This is a question I used to get asked a lot and one that still crops up from time to time. It starts off with yourself; something has sown the idea of opening your home to a child and you start to think about it seriously. With me, it was my previous experience of fostering Tina, who came to me under an informal arrangement with the local authority and her mother. My husband and I seemed to be on the same page and we thought fostering would be something we could do at a professional level but this time with support and training.
My husband asked me ‘why do you want to foster a child?’ and it was actually hard to put into words. Was it because I just wanted to help a child who needed a safe place? Was it because of my empty nest? The question made me start to explore my reasons and we talked about the possibility earnestly. He asked himself the same question and his reason was simple ‘I just want to make a difference to a child’s life who has been going through some tough times’.
Once you’ve answered your inner voice of why you want to foster and discussed it with your partner, if you are fostering as a couple, then you should talk to your family. The first question they are likely to ask is why do you want to foster? By the time you’ve got to the stage of contacting foster agencies or your local authority, you have begun to form a cohesive answer to this question.
By the time I was asked this question by Nexus, I felt my answer was trite and clichéd ‘that I wanted to help a child and it felt like the right time in my life to do this’. However, it was the truth and I didn’t know how else to express it. When I started the Skills to Foster course, required by everyone exploring becoming a foster carers to attend, I met with other people searching within themselves for the same answer. The 14 other people of the course made up of couples and single people all had different reasons for how they came to be there and each was personal to them and their circumstances. Some of the answers were ‘we felt we could give a child a safe home’, ‘I realised there were a shortage of foster carers and that I could help’ ‘it is rewarding to know you have made a difference to a child’.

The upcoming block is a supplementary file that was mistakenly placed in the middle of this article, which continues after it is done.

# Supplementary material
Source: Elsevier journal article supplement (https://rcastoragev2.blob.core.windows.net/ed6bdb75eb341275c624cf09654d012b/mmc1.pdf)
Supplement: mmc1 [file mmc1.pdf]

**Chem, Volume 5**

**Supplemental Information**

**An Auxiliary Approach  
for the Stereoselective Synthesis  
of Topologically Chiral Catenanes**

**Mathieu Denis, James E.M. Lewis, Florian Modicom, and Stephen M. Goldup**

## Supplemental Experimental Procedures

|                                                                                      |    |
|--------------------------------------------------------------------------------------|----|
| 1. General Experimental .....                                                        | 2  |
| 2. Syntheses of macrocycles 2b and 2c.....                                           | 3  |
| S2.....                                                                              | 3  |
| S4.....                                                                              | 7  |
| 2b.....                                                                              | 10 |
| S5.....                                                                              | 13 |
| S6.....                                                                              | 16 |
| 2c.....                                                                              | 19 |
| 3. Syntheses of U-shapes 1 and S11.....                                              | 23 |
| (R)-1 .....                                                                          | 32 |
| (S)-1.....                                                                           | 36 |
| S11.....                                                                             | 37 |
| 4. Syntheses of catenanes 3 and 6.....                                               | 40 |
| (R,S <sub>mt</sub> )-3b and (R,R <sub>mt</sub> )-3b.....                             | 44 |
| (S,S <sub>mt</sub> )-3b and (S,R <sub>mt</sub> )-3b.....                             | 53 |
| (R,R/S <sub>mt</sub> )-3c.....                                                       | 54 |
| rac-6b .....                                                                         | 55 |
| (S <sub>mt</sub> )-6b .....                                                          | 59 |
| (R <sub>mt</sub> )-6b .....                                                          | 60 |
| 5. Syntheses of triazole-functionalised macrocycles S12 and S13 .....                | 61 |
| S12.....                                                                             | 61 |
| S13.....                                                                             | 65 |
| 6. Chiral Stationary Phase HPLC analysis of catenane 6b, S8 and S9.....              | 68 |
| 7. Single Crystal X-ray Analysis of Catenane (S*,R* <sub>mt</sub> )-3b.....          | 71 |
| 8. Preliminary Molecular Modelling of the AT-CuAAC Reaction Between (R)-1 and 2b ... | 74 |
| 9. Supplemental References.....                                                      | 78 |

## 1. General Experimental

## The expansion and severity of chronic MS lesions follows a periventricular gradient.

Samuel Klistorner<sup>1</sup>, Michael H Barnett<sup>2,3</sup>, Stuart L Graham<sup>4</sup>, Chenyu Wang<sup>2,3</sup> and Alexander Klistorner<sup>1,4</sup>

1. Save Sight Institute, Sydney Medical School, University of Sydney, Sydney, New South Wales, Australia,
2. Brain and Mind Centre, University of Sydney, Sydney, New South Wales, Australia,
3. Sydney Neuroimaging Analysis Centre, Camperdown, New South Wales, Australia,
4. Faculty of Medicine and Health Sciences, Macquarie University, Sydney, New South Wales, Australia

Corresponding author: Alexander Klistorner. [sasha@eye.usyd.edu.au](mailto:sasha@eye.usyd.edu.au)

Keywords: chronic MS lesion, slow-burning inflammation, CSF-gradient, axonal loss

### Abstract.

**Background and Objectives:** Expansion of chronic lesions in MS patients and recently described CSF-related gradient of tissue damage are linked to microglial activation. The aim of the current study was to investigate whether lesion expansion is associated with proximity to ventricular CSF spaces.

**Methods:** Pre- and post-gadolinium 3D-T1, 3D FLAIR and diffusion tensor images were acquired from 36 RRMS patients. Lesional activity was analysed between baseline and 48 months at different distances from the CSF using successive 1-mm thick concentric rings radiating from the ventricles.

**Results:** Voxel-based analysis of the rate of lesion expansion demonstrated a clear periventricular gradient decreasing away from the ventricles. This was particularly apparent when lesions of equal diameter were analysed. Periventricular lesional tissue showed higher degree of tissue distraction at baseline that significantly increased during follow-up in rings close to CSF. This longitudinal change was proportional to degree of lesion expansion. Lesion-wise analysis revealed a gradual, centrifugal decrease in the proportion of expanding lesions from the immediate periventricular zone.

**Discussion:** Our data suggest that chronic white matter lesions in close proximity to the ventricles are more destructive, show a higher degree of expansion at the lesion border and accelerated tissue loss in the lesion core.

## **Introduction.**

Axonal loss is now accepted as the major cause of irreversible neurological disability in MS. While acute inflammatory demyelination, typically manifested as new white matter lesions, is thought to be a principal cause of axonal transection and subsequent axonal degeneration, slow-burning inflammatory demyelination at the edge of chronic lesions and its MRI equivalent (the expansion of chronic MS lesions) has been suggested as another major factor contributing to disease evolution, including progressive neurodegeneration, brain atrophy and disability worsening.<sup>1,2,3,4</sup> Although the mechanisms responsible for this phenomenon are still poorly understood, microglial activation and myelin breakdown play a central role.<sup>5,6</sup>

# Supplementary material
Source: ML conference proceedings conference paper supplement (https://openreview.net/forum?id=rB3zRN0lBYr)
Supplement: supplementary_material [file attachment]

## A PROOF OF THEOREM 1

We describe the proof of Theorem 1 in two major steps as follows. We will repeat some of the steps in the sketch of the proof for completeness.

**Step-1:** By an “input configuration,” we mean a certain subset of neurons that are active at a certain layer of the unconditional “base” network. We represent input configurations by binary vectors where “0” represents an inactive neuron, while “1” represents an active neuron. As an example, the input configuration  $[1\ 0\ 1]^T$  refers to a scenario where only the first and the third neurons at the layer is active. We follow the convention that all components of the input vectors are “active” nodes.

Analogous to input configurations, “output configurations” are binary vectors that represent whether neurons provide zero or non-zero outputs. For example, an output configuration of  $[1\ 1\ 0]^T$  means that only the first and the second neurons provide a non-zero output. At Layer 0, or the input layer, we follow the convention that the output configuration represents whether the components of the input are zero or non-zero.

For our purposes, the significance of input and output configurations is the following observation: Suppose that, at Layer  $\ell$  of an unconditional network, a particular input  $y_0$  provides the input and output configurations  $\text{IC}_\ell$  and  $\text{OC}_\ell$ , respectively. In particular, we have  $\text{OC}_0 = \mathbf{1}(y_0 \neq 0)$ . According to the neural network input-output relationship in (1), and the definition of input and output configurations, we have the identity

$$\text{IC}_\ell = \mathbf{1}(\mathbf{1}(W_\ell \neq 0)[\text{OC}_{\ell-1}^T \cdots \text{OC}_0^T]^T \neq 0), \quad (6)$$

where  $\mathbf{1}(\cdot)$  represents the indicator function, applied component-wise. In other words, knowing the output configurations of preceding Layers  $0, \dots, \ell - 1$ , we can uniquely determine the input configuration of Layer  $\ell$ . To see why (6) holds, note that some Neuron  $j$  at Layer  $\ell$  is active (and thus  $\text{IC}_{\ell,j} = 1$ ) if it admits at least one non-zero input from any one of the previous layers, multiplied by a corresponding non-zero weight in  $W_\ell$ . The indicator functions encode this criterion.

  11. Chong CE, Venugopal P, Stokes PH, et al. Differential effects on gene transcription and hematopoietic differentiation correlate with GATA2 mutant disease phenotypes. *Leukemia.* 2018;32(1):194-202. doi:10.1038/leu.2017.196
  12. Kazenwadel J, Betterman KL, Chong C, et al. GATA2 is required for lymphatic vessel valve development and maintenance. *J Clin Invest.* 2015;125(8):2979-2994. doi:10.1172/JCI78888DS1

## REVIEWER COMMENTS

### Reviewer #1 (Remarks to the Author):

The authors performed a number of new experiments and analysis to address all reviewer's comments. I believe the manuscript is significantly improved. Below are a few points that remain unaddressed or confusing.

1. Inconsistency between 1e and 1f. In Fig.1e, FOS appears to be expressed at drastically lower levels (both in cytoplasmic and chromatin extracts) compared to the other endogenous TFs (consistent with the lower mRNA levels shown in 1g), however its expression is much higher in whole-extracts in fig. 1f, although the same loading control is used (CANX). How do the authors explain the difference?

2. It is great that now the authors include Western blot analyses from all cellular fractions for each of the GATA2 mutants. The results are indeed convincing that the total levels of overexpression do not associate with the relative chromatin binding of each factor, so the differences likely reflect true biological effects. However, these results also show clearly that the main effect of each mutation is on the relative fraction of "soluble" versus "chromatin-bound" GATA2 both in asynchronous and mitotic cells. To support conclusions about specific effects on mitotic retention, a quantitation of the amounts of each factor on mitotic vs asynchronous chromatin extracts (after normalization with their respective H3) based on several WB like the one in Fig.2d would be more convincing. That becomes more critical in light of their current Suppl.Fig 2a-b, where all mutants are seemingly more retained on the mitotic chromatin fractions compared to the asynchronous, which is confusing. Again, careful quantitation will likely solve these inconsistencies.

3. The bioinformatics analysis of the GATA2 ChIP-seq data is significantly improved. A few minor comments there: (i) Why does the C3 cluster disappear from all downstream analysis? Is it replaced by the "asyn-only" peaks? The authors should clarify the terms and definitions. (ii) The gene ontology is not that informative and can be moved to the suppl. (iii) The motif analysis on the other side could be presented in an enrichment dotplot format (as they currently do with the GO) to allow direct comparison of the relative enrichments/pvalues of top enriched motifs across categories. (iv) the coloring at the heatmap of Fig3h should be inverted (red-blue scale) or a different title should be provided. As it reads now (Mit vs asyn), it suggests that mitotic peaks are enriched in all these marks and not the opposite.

The Skills to Foster course is a two way process of potential carers learning the commitments and realities of fostering and of the agency assessing the candidate’s suitability, with the progressing stage being the formal assessment and Form F (an official document compiled by your social worker and used in the assessment processes). By this time you are encouraged to talk to your employer if you have one and to discuss your decision with your network of friends. Your boss, colleagues and friends all ask the same question of why do you want to foster and by now you have a smooth answer which rolls off the tongue and people nod in agreement.
Why do you want to foster is a mandatory question that your assigned social worker will ask during the assessment period and again you may be asked it at panel which is the final step of you becoming an approved foster carer. However, once you are approved, this question is asked by strangers and casual acquaintances and they are often followed by well meaning statements of ‘oh I could never foster, it would break my heart to let them go again’ as if by some means I was less caring and had a harder heart than they did, thus enabling me to put the child straight out of my mind, the minute they left my care. This is, of course, not the case and I’ve learnt just to smile and change the subject. Another comment that is often made is ‘but you don’t know anything about them!’. This can be true and its part of the tool box of skills that a foster carer learns to develop; dealing with the unexpected. However, we are sometimes more informed about a potential child coming into our care than people realise and the matching process of child and foster carer is a serious task undertaken by all the decision makers involved. Of course location, age and sex of the child, children already in the household, religion and culture are all considered but there are subtle criteria which are also assessed – such as pets, the carer’s individual skill set and experience as well as the knowledge and instinct of the social workers. We usually get a history of the child as part of the referral to help us decide if the child will fit into our home.
Writing this today, I have asked myself again ‘why do I want to foster?’ I glance at the wall clock; my current child is due home from school and I can’t wait to find out how he did in his test and if he has a scraped knee again and realise it’s all because this is what I do and love. I am a Foster Carer.